I am attempting to get a proposal going where some time is set aside for innovation, similar to the well known free time at Google, but I fear that one of the biggest argument will be that it will encroach onto project time.

So if your are PM on those projects, how would you manage or balance the team's time on the project vs the innovation time, especially on projects that have hard deadlines?

3 Answers 3


All sorts of innovation programs are always a trade-off. From a project perspective you usually lose more than you get, e.g. you can allocate only 4/5 of people time, which is measurable difference, and what you get instead is people who are a bit more motivated and happy. The gain of innovation programs is on company level: you get a chance to come up with some breakthrough, you raise motivation of people across the company and you draw better candidates to join the organization.

If you're PM and there's such program in place, just plan for it. If people are free to use 20% of their time on whatever they want, plan that they'll have one weekday off as they'll be busy with their side projects. I assume here the organization which introduces such plan is ready to take it with all its consequences.

If the program is introduced in the middle of the project you can ask the team to finish their work as planned and only then join innovation initiatives. It won't be the best idea if the project is going to last like two years from now though.

Anyway you can't forbid people to do something which is generally approved so if they are allowed to join some innovation initiatives react as you would in any other similar situations, like too low estimates, sickness, leaving etc. It doesn't really matter what is the reason of not having a specific person for some time in the project - reaction would be similar:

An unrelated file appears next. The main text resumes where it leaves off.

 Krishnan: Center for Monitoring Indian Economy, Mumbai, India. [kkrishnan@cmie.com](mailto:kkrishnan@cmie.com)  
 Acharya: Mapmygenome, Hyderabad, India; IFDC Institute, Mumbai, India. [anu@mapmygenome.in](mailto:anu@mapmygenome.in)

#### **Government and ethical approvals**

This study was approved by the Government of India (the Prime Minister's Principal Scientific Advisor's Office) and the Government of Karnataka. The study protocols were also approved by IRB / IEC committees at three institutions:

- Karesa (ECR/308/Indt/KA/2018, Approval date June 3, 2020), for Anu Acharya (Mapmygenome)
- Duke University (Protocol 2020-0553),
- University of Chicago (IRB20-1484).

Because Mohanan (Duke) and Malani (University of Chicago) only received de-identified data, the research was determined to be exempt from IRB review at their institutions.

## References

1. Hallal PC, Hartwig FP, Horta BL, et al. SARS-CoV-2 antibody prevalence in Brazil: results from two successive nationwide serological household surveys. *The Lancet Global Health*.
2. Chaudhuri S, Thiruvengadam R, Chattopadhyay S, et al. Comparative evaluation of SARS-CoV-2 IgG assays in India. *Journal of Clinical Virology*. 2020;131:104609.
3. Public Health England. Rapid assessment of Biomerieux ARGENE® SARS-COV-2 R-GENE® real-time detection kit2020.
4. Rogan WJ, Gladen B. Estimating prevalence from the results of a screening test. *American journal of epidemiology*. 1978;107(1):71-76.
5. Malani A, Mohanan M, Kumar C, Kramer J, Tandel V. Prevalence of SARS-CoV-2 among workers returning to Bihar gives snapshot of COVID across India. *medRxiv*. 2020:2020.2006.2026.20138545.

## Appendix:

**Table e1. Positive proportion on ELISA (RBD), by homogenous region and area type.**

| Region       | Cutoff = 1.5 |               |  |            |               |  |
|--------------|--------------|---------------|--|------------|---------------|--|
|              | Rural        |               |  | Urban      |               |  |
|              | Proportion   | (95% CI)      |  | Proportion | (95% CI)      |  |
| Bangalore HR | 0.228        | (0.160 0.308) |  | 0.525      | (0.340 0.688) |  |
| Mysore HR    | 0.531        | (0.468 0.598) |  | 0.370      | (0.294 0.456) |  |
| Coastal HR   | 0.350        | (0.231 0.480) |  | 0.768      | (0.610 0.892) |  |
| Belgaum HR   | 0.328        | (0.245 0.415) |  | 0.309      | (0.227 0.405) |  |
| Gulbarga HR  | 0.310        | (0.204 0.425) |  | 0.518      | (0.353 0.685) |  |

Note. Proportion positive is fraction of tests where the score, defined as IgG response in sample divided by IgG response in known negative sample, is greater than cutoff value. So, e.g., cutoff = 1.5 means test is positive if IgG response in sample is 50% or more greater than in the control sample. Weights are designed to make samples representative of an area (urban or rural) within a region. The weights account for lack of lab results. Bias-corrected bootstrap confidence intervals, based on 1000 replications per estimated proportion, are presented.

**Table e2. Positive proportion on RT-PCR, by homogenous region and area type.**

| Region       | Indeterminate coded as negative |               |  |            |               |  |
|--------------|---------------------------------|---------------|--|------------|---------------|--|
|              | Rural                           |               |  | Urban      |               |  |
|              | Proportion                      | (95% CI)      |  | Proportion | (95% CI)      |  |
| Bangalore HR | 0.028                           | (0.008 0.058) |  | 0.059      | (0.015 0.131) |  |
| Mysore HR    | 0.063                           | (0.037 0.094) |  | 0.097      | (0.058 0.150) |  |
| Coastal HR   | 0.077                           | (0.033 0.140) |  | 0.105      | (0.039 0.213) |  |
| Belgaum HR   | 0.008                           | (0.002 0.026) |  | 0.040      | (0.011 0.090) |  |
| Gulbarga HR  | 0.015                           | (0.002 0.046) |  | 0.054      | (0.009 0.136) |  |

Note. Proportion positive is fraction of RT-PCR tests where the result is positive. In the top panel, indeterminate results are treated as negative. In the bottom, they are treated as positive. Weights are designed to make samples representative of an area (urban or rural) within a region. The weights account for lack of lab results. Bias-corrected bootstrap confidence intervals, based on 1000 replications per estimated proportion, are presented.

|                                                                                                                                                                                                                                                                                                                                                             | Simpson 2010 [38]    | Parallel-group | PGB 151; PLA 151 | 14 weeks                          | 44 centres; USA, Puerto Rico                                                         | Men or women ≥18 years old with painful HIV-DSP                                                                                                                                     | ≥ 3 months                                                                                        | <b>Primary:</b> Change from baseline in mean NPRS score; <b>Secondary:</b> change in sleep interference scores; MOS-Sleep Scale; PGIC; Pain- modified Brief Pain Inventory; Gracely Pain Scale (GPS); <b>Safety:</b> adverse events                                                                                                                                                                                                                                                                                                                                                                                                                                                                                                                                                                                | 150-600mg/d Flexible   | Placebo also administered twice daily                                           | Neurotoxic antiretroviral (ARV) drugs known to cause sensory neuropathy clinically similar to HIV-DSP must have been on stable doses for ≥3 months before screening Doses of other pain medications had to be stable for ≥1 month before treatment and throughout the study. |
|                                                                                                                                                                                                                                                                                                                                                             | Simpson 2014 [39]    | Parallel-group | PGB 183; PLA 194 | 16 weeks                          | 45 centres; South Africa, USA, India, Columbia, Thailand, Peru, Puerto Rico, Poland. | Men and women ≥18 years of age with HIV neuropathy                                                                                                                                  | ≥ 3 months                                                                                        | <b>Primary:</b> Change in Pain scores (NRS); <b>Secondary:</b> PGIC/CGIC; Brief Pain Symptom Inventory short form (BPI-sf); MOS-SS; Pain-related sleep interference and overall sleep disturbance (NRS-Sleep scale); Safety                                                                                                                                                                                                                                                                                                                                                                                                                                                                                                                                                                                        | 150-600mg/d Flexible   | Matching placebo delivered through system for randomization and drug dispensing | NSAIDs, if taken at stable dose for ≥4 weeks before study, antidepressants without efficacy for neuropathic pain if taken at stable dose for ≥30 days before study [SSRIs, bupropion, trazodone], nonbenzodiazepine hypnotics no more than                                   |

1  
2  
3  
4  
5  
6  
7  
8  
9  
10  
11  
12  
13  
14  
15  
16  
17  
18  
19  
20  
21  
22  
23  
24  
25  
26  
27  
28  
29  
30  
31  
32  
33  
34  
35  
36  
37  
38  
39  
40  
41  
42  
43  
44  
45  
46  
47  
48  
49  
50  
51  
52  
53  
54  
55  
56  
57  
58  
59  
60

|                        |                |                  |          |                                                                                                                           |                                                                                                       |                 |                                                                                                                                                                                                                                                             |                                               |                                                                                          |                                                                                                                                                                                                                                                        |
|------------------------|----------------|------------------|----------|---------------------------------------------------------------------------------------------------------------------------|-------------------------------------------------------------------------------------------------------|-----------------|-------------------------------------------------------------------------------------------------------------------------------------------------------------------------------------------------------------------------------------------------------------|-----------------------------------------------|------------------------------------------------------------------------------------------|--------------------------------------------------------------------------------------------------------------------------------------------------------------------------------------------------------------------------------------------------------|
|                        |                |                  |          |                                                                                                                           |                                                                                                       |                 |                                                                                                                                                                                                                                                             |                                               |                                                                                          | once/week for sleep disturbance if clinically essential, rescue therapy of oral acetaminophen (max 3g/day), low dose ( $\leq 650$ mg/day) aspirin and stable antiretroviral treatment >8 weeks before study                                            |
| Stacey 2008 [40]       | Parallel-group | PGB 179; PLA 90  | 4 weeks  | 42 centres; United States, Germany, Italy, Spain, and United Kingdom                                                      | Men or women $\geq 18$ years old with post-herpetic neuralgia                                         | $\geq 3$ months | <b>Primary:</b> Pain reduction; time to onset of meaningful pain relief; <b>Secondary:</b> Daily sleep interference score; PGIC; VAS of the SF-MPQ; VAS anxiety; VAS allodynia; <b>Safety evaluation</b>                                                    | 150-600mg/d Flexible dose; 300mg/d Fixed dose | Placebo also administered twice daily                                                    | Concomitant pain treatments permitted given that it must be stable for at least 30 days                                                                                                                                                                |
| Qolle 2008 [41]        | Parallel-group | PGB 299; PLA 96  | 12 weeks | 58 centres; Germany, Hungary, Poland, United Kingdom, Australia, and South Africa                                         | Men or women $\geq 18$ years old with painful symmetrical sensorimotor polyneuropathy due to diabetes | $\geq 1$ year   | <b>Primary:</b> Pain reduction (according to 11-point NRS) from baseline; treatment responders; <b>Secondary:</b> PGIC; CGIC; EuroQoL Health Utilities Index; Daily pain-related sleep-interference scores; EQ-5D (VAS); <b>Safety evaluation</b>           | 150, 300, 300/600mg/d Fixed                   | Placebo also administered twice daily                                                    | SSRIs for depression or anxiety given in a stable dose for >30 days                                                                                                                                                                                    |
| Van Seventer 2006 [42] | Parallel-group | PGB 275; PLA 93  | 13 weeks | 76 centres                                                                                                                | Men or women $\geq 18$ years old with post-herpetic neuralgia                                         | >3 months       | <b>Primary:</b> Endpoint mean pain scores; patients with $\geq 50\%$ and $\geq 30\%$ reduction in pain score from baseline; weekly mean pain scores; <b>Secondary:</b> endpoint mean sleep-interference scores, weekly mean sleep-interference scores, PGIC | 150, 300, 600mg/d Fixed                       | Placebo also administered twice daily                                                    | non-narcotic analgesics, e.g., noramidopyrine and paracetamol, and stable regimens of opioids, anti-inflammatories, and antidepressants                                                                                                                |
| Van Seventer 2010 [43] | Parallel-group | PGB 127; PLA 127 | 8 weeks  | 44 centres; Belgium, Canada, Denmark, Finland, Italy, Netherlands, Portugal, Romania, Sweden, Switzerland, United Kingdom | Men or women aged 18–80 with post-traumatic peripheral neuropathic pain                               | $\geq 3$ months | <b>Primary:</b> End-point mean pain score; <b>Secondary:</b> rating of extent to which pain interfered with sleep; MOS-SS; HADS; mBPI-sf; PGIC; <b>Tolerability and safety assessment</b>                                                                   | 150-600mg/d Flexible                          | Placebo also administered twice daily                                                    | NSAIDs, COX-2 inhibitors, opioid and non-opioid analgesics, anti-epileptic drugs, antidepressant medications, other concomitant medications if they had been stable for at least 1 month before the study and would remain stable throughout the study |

• you can try to fill the gap with other, possibly new, team members
  • you can work on scope trying to move some work out
  • you can renegotiate schedule if possible
  • Great response. I believe the key is to plan for it. Fortunately, the typical project lifespan is about 3 years in my industry so there is plenty of scope to schedule in innovation time. Thanks for your comments.
    – tehnyit
    Commented Mar 19, 2011 at 20:37
  • The lifespan of a project is not scope. Whether it is 3 years or 10, that has nothing to do with scope. I cannot see how "innovation" can possibly be in scope of a non R&D type project. Why would any project sponsor wish to pay a project team to sit around to think of some good ideas when all he needs is his widget built. This makes no sense to me at all. Commented Mar 20, 2011 at 20:24

Just like the previous people said: this is not something related with your project or project manager. It's simply about changing the company's policy. Therefore you should not go to your PM with such a proposal but to your department's head or your company's managers.


Is innovation in scope? Is part or all of the project's solution unknown such that innovation is required? For projects where there is not a research and development component, I opine that innovation is not part of the project at all and should not be planned for nor paid for by the sponsor.

Now, there is always some incremental innovative thinking that goes on in all efforts and this is not what I am talking about. But you are using Google's free time to think about new things and that is not consistent with project work, save for R&D projects.

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